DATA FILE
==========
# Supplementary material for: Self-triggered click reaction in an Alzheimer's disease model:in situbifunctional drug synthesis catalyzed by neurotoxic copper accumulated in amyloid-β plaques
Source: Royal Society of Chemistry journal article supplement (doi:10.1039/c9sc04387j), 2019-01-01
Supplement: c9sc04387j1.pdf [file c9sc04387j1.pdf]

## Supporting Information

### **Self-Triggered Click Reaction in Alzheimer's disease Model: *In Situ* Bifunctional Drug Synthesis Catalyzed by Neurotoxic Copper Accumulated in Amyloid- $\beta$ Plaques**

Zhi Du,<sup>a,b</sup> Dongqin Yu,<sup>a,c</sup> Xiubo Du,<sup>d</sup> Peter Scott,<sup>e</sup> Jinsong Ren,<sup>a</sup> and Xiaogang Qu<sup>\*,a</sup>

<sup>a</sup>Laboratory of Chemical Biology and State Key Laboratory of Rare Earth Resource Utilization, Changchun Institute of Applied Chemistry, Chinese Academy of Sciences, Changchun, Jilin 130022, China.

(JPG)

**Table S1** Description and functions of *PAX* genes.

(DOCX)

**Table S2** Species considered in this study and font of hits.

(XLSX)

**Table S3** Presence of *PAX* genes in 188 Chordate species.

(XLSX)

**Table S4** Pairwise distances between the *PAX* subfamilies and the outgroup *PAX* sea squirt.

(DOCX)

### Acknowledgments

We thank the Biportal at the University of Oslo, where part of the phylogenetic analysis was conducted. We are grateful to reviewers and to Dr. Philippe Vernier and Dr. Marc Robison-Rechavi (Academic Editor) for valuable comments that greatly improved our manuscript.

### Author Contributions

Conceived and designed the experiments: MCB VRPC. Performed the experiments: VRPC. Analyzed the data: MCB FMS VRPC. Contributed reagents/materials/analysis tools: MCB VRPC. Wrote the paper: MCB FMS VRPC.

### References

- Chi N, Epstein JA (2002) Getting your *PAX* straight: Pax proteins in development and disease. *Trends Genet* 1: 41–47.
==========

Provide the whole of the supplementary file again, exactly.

# Supplementary material for: Self-triggered click reaction in an Alzheimer's disease model:in situbifunctional drug synthesis catalyzed by neurotoxic copper accumulated in amyloid-β plaques
Source: Royal Society of Chemistry journal article supplement (doi:10.1039/c9sc04387j), 2019-01-01
Supplement: c9sc04387j1.pdf [file c9sc04387j1.pdf]

## Supporting Information

### **Self-Triggered Click Reaction in Alzheimer's disease Model: *In Situ* Bifunctional Drug Synthesis Catalyzed by Neurotoxic Copper Accumulated in Amyloid- $\beta$ Plaques**

Zhi Du,<sup>a,b</sup> Dongqin Yu,<sup>a,c</sup> Xiubo Du,<sup>d</sup> Peter Scott,<sup>e</sup> Jinsong Ren,<sup>a</sup> and Xiaogang Qu<sup>\*,a</sup>

<sup>a</sup>Laboratory of Chemical Biology and State Key Laboratory of Rare Earth Resource Utilization, Changchun Institute of Applied Chemistry, Chinese Academy of Sciences, Changchun, Jilin 130022, China.

(JPG)

**Table S1** Description and functions of *PAX* genes.

(DOCX)

**Table S2** Species considered in this study and font of hits.

(XLSX)

**Table S3** Presence of *PAX* genes in 188 Chordate species.

(XLSX)

**Table S4** Pairwise distances between the *PAX* subfamilies and the outgroup *PAX* sea squirt.

(DOCX)

### Acknowledgments

We thank the Biportal at the University of Oslo, where part of the phylogenetic analysis was conducted. We are grateful to reviewers and to Dr. Philippe Vernier and Dr. Marc Robison-Rechavi (Academic Editor) for valuable comments that greatly improved our manuscript.

### Author Contributions

Conceived and designed the experiments: MCB VRPC. Performed the experiments: VRPC. Analyzed the data: MCB FMS VRPC. Contributed reagents/materials/analysis tools: MCB VRPC. Wrote the paper: MCB FMS VRPC.

### References

- Chi N, Epstein JA (2002) Getting your *PAX* straight: Pax proteins in development and disease. *Trends Genet* 1: 41–47.